An experimental drug called ZMapp offers a potential cure for Ebola. This serum, which is still in its experimental stage, is giving hope to patients stricken with the virus. It has not yet been approved and is not yet in production.
With the urgency of the situation in West Africa, this drug was made available to both patients being treated in Atlanta. At last report, both Dr. Kent Brantly and Nancy Writebol have been given the serum at the Emory University Hospital in Atlanta. Being the first humans to receive the antibodies, they are, in essence, human guinea pigs.
As the situation in West Africa continues to worsen, laboratories are scrambling to find a cure. With both Writebol and Dr. Brantly improving after having been administered the serum, a cure may have been found. Reports have been released that Dr. Brantly was near death when ZMapp, created by Mapp Biopharmaceutical (Mapp Bio) in San Diego, was administered. After it was administered, Dr. Brantly’s labored breathing and skin rash improved.
As a potential cure for Ebola, ZMapp harnesses antibodies created in Toronto by a company called Defyrus. Mapp Bio and Leaf Biopharmaceutical, entered into a commercialization agreement last month. The drug had been identified as being a potential candidate against Ebola last January. It has not been evaluated for safety against humans and there is only a very limited supply available. Mapp Bio is working with government regulators to increase production as quickly as possible.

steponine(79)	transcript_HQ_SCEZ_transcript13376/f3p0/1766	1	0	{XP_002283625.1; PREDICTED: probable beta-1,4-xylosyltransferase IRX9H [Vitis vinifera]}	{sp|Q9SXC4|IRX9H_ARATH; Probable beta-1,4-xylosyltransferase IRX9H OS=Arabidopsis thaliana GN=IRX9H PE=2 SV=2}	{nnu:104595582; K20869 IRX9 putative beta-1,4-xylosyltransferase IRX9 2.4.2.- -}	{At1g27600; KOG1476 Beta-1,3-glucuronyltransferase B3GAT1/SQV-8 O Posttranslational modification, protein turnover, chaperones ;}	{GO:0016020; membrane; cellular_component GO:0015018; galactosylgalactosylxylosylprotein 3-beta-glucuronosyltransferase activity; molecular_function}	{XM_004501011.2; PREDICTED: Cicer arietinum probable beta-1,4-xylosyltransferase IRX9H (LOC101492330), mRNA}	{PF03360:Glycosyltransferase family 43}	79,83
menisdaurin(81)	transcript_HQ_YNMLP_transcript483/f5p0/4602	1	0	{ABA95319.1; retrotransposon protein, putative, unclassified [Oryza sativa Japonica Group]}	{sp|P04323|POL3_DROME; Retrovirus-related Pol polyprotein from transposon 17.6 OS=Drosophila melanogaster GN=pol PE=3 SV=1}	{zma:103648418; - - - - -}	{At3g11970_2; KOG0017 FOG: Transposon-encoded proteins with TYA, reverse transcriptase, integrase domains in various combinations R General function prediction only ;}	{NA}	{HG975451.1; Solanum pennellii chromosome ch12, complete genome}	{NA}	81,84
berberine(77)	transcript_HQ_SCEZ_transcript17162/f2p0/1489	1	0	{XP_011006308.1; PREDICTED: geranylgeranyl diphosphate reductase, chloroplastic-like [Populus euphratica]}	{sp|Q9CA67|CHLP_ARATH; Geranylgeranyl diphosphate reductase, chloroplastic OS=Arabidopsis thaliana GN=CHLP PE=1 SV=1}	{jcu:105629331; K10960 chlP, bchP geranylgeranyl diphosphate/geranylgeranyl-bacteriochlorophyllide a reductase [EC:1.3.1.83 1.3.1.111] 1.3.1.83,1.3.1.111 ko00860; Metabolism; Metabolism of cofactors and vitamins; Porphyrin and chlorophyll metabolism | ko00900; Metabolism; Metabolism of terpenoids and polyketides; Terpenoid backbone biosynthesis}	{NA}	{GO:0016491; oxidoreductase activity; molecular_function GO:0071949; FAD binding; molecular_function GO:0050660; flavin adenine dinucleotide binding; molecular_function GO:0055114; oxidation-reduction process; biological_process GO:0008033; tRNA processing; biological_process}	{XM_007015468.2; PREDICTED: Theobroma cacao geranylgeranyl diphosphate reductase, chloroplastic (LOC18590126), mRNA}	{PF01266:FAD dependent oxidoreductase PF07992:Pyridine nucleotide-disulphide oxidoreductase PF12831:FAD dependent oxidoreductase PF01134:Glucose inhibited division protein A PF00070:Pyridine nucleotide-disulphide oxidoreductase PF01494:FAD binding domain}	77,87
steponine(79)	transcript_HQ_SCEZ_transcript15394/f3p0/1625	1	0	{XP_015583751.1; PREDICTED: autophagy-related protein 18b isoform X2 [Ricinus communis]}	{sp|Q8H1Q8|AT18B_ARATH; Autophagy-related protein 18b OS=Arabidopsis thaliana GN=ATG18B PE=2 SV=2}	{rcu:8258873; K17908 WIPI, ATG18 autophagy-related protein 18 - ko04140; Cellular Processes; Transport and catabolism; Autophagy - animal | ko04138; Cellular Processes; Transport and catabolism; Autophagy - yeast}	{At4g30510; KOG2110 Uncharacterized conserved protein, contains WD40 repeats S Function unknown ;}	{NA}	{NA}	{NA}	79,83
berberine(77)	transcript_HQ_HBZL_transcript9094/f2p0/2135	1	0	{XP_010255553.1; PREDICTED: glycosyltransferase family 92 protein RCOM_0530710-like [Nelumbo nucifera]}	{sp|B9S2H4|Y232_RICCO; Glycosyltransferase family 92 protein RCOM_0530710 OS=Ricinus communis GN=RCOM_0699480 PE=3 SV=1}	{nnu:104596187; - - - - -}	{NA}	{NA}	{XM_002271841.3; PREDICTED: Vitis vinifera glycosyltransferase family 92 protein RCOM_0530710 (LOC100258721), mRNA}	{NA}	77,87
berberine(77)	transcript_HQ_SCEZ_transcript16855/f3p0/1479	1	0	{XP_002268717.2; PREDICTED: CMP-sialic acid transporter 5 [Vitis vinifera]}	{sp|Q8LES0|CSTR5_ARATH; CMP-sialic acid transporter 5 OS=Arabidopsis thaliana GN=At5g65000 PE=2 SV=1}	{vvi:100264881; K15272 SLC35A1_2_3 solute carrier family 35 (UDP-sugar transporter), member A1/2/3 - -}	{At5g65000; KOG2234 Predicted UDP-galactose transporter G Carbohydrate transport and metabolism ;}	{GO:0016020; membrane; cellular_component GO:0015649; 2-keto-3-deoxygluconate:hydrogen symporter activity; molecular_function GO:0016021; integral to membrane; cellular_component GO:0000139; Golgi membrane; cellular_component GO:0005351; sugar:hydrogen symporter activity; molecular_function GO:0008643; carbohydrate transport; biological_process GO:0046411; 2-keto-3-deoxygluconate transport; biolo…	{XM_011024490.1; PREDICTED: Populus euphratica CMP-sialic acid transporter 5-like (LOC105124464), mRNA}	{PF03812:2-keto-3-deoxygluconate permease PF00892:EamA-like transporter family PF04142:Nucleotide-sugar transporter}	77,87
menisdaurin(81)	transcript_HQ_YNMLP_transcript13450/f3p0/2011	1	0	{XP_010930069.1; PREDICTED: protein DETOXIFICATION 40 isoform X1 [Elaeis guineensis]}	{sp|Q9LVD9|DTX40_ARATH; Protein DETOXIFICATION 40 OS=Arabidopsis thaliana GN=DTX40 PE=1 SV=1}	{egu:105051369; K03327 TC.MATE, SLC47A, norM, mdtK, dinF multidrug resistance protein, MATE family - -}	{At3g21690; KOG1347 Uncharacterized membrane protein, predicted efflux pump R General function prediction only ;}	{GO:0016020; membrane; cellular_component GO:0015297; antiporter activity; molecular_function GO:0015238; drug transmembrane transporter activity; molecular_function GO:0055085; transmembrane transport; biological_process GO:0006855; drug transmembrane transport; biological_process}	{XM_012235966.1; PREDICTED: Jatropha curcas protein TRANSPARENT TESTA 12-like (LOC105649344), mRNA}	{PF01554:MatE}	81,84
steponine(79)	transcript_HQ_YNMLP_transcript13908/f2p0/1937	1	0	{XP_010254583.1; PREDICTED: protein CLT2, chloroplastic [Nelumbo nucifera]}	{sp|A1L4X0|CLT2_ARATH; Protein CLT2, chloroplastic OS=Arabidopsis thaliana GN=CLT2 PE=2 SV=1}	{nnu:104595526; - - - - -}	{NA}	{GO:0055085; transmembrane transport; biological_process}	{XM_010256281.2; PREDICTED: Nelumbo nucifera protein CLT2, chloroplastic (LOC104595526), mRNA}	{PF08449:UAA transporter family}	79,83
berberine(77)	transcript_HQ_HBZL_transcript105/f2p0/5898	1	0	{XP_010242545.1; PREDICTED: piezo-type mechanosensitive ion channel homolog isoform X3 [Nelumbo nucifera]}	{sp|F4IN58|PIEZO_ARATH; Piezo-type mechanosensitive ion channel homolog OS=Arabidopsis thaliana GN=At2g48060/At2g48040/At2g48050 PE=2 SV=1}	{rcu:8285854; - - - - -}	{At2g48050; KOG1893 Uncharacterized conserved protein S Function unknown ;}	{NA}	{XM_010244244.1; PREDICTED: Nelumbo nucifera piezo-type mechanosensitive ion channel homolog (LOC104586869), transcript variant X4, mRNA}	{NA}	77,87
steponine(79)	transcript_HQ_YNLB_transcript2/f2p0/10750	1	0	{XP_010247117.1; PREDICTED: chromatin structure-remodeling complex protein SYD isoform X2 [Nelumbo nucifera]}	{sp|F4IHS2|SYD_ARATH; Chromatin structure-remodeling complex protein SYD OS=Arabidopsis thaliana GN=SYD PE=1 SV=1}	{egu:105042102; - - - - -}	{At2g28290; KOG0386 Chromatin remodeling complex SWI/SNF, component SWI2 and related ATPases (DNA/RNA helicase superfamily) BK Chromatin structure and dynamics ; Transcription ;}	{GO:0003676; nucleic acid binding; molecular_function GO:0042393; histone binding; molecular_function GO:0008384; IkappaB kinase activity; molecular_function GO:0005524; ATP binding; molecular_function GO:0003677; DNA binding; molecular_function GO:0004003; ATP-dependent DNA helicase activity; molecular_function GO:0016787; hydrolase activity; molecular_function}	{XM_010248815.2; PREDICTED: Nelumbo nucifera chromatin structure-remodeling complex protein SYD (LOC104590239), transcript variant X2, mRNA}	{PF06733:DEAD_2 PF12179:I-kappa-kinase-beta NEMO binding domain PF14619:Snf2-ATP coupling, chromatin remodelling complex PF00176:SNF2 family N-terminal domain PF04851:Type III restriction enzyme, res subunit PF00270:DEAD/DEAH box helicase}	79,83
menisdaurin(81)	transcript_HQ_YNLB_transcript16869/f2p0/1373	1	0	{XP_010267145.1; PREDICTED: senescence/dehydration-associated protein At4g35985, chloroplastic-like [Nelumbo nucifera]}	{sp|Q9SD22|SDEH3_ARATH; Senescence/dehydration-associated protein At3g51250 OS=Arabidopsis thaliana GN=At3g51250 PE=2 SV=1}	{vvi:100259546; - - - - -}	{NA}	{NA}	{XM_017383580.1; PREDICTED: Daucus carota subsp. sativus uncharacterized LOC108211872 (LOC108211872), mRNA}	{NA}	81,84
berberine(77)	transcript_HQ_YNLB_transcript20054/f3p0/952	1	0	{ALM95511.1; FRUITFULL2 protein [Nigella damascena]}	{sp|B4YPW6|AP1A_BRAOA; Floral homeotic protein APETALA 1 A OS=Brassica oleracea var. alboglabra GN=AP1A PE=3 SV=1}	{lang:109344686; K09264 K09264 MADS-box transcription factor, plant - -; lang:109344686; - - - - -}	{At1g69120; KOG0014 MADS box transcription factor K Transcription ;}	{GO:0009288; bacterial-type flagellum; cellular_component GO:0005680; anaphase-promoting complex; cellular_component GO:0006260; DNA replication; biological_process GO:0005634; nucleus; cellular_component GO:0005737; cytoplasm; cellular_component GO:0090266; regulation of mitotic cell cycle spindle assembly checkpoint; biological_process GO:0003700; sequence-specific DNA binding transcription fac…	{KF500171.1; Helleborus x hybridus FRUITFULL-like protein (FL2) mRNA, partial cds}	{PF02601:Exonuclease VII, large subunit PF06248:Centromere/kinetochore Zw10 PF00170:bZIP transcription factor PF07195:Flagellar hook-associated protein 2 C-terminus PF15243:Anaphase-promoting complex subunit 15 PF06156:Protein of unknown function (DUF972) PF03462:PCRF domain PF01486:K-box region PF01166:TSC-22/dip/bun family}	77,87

ZMapp isn’t actually a vaccine, it is a three-antibody serum that triggers an artificial immune response on the outside of the Ebola virus, specifically focusing on sugar-tagged proteins. This approach is known as passive immunity. Once the antibodies latch on to the infectious agent, the body can mount an immediate immune response. Passive immunity allows the body to respond immediately, whereas a vaccine may require a lengthy period of time for the body to create its own antibodies.
Unlicensed ZMapp is a mixture of three monoclonal antibodies. These antibodies consist of disease fighting proteins that target specific parts of pathogens such as the Ebola virus. Two of the antibodies are the result of years of research at the Public Health Agency of Canada’s National Microbiology Laboratory, located in Winnipeg. The third antibody was developed at USAMRIID, the U.S. Army Medical Research Institute of Infectious Diseases.
The serum is produced in genetically modified tobacco plants. This is being done at a subsidiary of Reynolds American, Kentucky BioProcessing. A spokesperson for Reynolds said that the makers of ZMapp were given an investigational new drug designation by the FDA.
While the work being done in the U.S. and Canada is encouraging, the virus is still not under control in West Africa. There is very little of it available and the only successful testing that has been done is with monkeys. The two Americans are the first human recipients of the antibody.
ZMapp is the first hope for a potential Ebola cure. The drug, however,is still under development and, before production of a drug or vaccine can be implemented, it must first be licensed. The outbreak is till growing as the virus may now be moving into Nigeria, where several suspected cases have surfaced.
By Hans Benes